Germany the Rise of Far-Right: Navigating the Challenges Ahead

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Germany the Rise of Far-Right: Navigating the Challenges Ahead, a nation known for its political stability and centrist policies, has been facing a significant political shift in recent years. The ascent of the far-right Alternative for Germany (AfD) has presented a significant hurdle for the Christian Democratic Union (CDU), which was once the leading political force in the country. The CDU, which has been a central figure in German politics for decades, is now grappling with the complexities of its opposition role as the AfD gains ground in popularity. In this article, we will explore the current political landscape in Germany, the CDU’s dilemma in dealing with the far-right, and the potential consequences of these developments.

The CDU’s Historical Dominance

The Christian Democratic Union (CDU) has been a cornerstone of German politics since the end of World War II. It played a pivotal role in overseeing the reunification of East and West Germany and has traditionally occupied the center-right of the political spectrum. For much of its history, the CDU has been in power, governing Germany with a steady hand. However, the political landscape in Germany has undergone a transformation in recent years, with the AfD steadily gaining popularity. The AfD’s rise has left the CDU at a crossroads, forcing it to reevaluate its stance and strategies.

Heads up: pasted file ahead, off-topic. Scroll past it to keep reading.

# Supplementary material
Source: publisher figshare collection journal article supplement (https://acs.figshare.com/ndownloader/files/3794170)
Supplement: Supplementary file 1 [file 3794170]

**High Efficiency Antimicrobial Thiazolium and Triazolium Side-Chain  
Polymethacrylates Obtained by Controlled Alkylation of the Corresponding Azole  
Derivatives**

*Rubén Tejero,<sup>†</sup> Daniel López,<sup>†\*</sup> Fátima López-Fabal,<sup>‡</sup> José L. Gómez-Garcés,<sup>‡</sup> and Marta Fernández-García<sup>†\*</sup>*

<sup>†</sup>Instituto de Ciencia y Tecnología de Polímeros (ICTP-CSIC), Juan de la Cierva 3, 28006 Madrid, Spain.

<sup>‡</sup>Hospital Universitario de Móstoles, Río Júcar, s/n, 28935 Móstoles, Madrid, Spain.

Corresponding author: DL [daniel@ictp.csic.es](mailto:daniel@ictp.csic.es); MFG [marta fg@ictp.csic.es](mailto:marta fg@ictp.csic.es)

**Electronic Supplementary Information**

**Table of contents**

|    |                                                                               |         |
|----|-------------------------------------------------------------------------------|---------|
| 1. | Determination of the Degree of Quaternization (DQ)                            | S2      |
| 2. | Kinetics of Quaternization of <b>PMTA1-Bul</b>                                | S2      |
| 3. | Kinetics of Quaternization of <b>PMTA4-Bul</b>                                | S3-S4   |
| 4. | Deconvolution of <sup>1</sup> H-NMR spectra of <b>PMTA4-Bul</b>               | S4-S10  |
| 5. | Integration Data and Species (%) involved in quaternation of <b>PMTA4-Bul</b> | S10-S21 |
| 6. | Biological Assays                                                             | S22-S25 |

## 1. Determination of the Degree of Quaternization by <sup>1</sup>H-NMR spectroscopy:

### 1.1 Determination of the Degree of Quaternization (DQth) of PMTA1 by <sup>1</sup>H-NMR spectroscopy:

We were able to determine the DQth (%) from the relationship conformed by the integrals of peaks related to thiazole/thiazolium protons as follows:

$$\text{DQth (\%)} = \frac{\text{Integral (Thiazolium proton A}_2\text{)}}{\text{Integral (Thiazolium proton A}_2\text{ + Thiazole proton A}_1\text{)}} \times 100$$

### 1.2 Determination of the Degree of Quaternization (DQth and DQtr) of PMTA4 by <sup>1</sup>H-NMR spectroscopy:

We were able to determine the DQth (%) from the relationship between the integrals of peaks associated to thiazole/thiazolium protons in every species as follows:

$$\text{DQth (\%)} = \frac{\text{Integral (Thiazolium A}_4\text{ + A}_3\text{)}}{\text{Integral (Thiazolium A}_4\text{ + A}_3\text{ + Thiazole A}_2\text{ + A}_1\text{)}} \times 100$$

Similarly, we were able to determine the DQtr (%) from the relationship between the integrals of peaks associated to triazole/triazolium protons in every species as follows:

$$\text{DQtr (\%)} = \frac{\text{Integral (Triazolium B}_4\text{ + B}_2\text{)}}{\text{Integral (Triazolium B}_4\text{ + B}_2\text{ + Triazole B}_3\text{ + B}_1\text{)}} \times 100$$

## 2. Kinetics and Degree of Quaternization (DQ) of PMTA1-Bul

Germany the Rise of Far-Right: The AfD’s Controversial Ideology

The Alternative for Germany (AfD) has drawn attention for its controversial and far-right ideologies. The party’s positions include an openly anti-migrant stance, Euroskepticism, Islamophobia, and anti-feminism. These ideologies have led to the CDU’s longstanding refusal to cooperate with the AfD on any level, citing the party’s anti-democratic tendencies and extremist views.

The CDU’s Dilemma

The CDU’s dilemma is underscored by the conflicting opinions within the party regarding potential collaboration with the AfD. CDU leader Friedrich Merz initially caused a stir by leaving open the possibility of cooperation with the AfD at the local and municipal levels. Although he later clarified the party’s official stance against such cooperation, his initial comments generated concerns within the CDU and the wider political landscape.

Germany the Rise of Far-Right: The AfD’s Growing Popularity

The AfD has found particular resonance in Germany’s former communist states, notably in Saxony, where it has surpassed the CDU in popularity according to recent polls. This trend raises questions about the viability of the existing governing coalition in the state, consisting of the CDU, SPD, and Greens. Jörg Kühne, an ex-CDU member and current AfD city councilor in Leipzig, argues that the CDU should reconsider its stance and engage with the AfD to better serve the interests of citizens, especially in central German states where the AfD is gaining ground.